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Facebook Retargeting 101

You control who gets to see what in your Facebook advertising.

For Facebook to really work for you, you ... must ... advertise.  

Move away from the idea of having content that’s so good it’s “going to go viral.” It just isn’t happening. The number of people your posts are reaching organically right now are really low. Why? These networks want you to pay for placement.  

Accept it and embrace it; it’s not going to change. You will need to advertise if you want to be seen as the go-to financial advisor in your area or niche market. The nice thing is that you control your destiny when you’re willing to do it. You’re selecting the audience. You’re determining how often you want people to see it. It’s all up to you.  

Let’s say you are hosting a webinar focused on business owners in your area. By creating an ad, selecting the right subset of business owners, and putting a suitable budget behind it, you’re able to blanket that audience in a way that simply posting would never accomplish. 

The challenge is that advertising on social media is a little overwhelming if you do it right. There are thousands of options when creating, launching and tracking an ad. It’s great if you’re experienced, but tough to grasp if you’re just getting started. 

One of the biggest questions we get is about targeting. How do you get your ads in front of the most receptive audience possible? Much of this comes down to “retargeting.” Retargeting is the term for using paid ads to target audiences who have visited your website or interacted with your social profiles in the past.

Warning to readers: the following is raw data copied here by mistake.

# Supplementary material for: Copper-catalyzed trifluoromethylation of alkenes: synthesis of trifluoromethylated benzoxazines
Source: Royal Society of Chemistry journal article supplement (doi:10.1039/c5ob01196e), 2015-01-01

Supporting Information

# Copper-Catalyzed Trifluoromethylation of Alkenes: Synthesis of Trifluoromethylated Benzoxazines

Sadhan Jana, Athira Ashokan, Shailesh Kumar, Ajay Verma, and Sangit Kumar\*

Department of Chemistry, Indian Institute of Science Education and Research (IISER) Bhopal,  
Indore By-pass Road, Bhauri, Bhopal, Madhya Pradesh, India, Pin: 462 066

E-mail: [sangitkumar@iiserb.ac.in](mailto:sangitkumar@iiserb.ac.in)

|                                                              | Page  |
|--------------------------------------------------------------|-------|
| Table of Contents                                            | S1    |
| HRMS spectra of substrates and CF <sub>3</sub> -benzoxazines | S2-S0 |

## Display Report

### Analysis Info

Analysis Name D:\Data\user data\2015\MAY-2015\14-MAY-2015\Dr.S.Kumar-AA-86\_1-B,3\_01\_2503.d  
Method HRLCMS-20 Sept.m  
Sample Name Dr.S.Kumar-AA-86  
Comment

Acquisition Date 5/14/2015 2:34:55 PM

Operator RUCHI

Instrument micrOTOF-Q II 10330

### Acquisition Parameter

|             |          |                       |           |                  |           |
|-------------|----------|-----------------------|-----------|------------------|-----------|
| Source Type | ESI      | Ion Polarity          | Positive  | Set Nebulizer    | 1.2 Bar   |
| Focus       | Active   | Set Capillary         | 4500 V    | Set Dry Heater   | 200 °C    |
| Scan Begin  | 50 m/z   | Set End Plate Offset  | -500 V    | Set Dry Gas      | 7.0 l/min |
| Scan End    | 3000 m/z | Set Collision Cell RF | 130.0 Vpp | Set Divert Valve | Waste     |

Many inexperienced Facebook marketers run ads only to cold audiences, targeting people who have never come in contact with their business. While this is the smart play when seeking awareness, when it comes to engagement or lead generation, you’ll decrease your cost per lead by targeting those who’ve had exposure to your business in the past. After all, those who are more familiar with you are more likely to engage with your ads.

There are a number of ways to go about retargeting on Facebook. Here are three of the most appealing:

  1. Website Visitors

When a potential client lands on your website they don’t tend to stick around long. This is where retargeting comes into play. Retargeting enables you to appear in their Facebook feeds for up to 180 days, encouraging them to come back, learn more and take action. This link between your website and Facebook comes from the Facebook Pixel. This is simply a piece of code placed on your website that enables you to create an audience on Facebook of those who’ve visited your website. 

  1. Existing Database 

You know all those prospect emails in your database? The ones you’ve collected for years and years? Maybe you send them a weekly newsletter or invite them to your seminars. When you upload this list of emails to Facebook (as a custom audience), you can show your ads specifically to these users. It’s a great way to stay in front of them, without seeming like you’re coming on too strong by calling or emailing too often.

  1. Video Viewers

You can also target those who’ve watched your videos on Facebook. Let’s say that you post an educational video about planning for your children’s education, you could then target the viewers of that video with an ad that offers a college planning checkup.  Also, it’s worth mentioning that Facebook gives you the ability to target based on length of view. The largest audience will be those who watched 3 seconds or more, but if your viewer base is big enough, I’d recommend being a little more selective by selecting 10 seconds or more. This eliminates those who were simply scrolling through. 

This is just the start of these networks’ retargeting ability. The more you learn, the more equipped you are to land new business (without overspending to make it happen). Remember, when you want awareness, consider colder audiences. When you want engagement or lead flow, you’ll need to go warm by leveraging retargeting.

Stephen Boswell is a partner with The Oechsli Institute, a firm that specializes in research and training for the financial services industry. @StephenBoswell

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